|Early mammals had a surprisingly wide range of adaptations, ranging from the tree-climbing Agilodocodon (top) to the swimming Castorocauda (in the water) and the burrowing Docofossor (bottom). |
Illustration: April I. Neander | ScienceMag.org
|fossils of Docofossor (left) and Agilodocodon (right), the earliest-known subterranean and arboreal mammals.|
What were the lives of the earliest mammals like? For many, what comes to mind is an image of a small, insect-eating creature that scurried about at night, hiding from dinosaurs and eking out a meager existence. After all, intense competition from the terrible lizards must surely have forced our very distant ancestors into very limited ecological niches.
While there’s some truth to this stereotype, more and more evidence suggests that early mammals were actually remarkably diverse. The fossils of two interrelated ancestral mammals, newly discovered in China, now help confirm that the wide-ranging ecological diversity of modern mammals had a precedent more than 160 million years ago.
With claws for climbing and teeth adapted for a tree sap diet, Agilodocodon scansorius is the earliest-known tree-dwelling mammaliaform (long-extinct relatives of modern mammals). The other fossil, Docofossor brachydactylus, is the earliest-known subterranean mammaliaform, possessing multiple adaptations similar to African golden moles such as shovel-like paws. Docofossor also has distinct skeletal features that resemble patterns shaped by genes identified in living mammals, suggesting these genetic mechanisms operated long before the rise of modern mammals.
These discoveries are reported by international teams of scientists from the University of Chicago and Beijing Museum of Natural History in two separate papers published Feb. 13 in Science.
“We consistently find with every new fossil that the earliest mammals were just as diverse in both feeding and locomotor adaptations as modern mammals,” said Zhe-Xi Luo, PhD, professor of organismal biology and anatomy at the University of Chicago and senior author on both papers. “The groundwork for mammalian success today appears to have been laid long ago.”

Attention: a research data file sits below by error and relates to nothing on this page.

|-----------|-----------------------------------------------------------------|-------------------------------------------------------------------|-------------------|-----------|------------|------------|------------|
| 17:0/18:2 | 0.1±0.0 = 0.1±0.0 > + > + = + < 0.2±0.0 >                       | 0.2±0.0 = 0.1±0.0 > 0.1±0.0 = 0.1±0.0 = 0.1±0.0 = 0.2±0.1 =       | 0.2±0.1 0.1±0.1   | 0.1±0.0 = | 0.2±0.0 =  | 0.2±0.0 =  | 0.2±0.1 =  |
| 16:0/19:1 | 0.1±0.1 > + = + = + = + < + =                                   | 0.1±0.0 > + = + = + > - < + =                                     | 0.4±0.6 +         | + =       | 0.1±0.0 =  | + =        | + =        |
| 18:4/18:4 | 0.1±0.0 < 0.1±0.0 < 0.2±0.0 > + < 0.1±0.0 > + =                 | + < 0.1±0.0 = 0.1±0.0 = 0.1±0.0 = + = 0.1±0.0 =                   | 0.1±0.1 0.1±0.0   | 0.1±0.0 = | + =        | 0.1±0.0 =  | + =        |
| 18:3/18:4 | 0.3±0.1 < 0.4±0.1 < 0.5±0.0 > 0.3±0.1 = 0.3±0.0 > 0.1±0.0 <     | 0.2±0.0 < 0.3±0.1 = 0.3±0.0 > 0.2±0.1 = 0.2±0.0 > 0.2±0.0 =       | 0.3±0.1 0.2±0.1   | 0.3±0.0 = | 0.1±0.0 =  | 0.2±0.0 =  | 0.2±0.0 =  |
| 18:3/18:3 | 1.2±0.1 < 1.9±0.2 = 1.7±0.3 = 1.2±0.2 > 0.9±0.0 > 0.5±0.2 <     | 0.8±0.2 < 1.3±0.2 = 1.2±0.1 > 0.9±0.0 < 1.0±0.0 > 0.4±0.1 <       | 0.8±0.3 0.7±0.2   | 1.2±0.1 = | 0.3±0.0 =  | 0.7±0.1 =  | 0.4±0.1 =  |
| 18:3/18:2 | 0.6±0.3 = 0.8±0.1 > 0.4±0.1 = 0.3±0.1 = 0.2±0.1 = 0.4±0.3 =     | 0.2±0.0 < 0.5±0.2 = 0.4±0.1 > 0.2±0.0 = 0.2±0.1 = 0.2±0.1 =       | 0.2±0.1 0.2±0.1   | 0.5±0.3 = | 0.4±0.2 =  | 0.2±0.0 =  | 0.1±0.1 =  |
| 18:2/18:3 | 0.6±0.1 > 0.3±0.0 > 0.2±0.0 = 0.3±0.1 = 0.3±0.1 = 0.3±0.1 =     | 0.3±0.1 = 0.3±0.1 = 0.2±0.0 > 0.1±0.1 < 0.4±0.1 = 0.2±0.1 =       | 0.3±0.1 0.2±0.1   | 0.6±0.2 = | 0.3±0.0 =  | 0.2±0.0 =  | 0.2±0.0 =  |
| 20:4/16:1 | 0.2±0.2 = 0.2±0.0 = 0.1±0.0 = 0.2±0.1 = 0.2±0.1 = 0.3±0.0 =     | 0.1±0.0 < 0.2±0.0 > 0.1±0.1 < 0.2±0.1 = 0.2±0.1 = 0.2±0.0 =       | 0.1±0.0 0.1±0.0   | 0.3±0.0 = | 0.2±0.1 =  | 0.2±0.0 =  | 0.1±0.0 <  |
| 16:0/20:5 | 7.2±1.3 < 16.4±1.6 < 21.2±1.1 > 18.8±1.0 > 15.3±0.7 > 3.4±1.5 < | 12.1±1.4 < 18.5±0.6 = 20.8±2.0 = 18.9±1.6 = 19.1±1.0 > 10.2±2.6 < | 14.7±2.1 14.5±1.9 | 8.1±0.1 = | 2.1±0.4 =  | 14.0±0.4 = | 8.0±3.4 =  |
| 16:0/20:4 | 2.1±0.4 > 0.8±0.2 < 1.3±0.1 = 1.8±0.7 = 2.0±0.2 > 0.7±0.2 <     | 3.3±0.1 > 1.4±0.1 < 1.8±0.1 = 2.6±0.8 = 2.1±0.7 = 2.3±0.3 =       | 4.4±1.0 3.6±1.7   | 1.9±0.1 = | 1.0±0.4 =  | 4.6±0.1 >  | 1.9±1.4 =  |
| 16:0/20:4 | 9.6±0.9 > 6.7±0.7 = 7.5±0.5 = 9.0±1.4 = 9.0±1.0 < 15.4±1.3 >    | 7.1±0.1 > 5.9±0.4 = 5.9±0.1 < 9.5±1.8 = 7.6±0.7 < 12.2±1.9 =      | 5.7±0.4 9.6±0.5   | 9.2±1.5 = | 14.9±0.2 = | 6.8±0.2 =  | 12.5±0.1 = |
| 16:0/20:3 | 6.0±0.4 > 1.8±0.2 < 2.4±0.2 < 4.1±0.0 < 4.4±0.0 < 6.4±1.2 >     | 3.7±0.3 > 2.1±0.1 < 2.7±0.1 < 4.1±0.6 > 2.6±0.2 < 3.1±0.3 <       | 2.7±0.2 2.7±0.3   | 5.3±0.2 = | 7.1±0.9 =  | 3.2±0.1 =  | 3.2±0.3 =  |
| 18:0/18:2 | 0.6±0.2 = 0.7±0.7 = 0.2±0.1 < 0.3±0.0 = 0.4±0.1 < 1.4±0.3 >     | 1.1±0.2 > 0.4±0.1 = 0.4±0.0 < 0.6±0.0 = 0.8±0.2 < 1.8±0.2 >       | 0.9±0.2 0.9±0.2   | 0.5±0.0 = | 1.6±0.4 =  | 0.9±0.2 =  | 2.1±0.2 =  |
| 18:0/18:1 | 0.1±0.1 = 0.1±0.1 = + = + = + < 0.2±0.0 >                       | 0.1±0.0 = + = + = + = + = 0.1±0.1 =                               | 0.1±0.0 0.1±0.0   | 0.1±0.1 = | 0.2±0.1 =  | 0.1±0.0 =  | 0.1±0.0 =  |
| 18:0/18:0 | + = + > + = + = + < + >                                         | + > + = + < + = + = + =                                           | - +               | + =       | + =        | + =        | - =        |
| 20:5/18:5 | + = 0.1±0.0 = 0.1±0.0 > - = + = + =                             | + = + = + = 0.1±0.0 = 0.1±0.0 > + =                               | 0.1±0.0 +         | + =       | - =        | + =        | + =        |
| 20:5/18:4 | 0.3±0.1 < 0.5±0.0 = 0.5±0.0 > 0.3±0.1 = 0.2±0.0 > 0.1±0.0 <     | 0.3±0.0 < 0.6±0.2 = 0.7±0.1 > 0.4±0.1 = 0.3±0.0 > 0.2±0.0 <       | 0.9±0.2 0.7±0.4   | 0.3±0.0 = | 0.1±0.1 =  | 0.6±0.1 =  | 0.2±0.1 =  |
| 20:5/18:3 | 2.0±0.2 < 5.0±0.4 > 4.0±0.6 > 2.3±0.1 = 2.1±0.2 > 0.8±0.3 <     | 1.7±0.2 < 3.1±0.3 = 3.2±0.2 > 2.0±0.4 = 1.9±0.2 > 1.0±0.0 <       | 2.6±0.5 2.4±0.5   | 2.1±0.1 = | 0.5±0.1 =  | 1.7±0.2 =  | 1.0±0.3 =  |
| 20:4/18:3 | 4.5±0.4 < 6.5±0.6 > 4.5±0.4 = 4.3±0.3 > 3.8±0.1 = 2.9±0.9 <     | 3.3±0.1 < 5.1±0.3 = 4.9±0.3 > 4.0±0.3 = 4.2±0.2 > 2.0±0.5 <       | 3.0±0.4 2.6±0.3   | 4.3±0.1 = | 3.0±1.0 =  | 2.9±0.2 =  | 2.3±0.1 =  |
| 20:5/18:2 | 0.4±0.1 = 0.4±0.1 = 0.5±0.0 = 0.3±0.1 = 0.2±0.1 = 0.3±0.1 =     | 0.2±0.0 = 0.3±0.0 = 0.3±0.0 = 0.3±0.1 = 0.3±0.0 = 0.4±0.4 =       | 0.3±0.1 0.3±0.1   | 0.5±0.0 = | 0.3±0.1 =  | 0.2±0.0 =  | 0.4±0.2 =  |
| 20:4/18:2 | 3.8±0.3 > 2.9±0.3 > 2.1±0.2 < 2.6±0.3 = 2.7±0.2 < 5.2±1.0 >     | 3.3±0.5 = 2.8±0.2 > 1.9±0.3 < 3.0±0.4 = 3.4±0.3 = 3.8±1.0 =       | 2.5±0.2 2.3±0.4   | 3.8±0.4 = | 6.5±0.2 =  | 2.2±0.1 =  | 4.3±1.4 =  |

Earliest-known Arboreal and Subterranean Ancestral Mammals Discovered
|Stem mammaliaforms (also known as “stem mammals”) are long-extinct relatives to the extant mammals (crown Mammalia). Docodonts are such a lineage of stem mammaliaforms. Their morphologies provide evidence for the ancestral mammalian condition.|
A new docodontan mammaliaform from the Middle Jurassic of China has skeletal features for climbing and dental characters indicative of an omnivorous diet that included plant sap. This fossil expands the range of known locomotor adaptations in docodontans to include climbing, in addition to digging and swimming. It further shows that some docodontans had a diet with a substantial herbivorous component, distinctive from the faunivorous diets previously reported in other members of this clade. This reveals a greater ecological diversity in an early mammaliaform clade at a more fundamental taxonomic level not only between major clades as previously thought.
Qing-Jin Meng, Qiang Ji, Yu-Guang Zhang, Di Liu, David M. Grossnickle and Zhe-Xi Luo. 2015. An Arboreal Docodont from the Jurassic and Mammaliaform Ecological Diversification. Science. 347(6223); 764-768; doi: 10.1126/science.1260879
A new Late Jurassic docodontan shows specializations for a subterranean lifestyle. It is similar to extant subterranean golden moles in having reduced digit segments as compared to the ancestral phalangeal pattern of mammaliaforms and extant mammals. The reduction of digit segments can occur in mammals by fusion of the proximal and intermediate phalangeal precursors, a developmental process for which a gene and signaling network have been characterized in mouse and human. Docodontans show a positional shift of thoracolumbar ribs, a developmental variation that is controlled by Hox9 and Myf5 genes in extant mammals. We argue that these morphogenetic mechanisms of modern mammals were operating before the rise of modern mammals, driving the morphological disparity in the earliest mammaliaform diversification.
Zhe-Xi Luo, Qing-Jin Meng, Qiang Ji, Di Liu, Yu-Guang Zhang and April I. Neander. 2015. Evolutionary Development in Basal Mammaliaforms as revealed by A Docodontan. Science. 347(6223); 760-764; doi: 10.1126/science.1260880
Found: Two sophisticated mammals that thrived during the age of the dinosaurs http://news.sciencemag.org/evolution/2015/02/found-two-sophisticated-mammals-thrived-during-age-dinosaurs
2 Jurassic Mini Mammal Species Discovered in China http://shar.es/1oLGia via @LiveScience
Meet the furry Jurassic period critters that outwitted the dinosaurs http://wapo.st/1KSD36z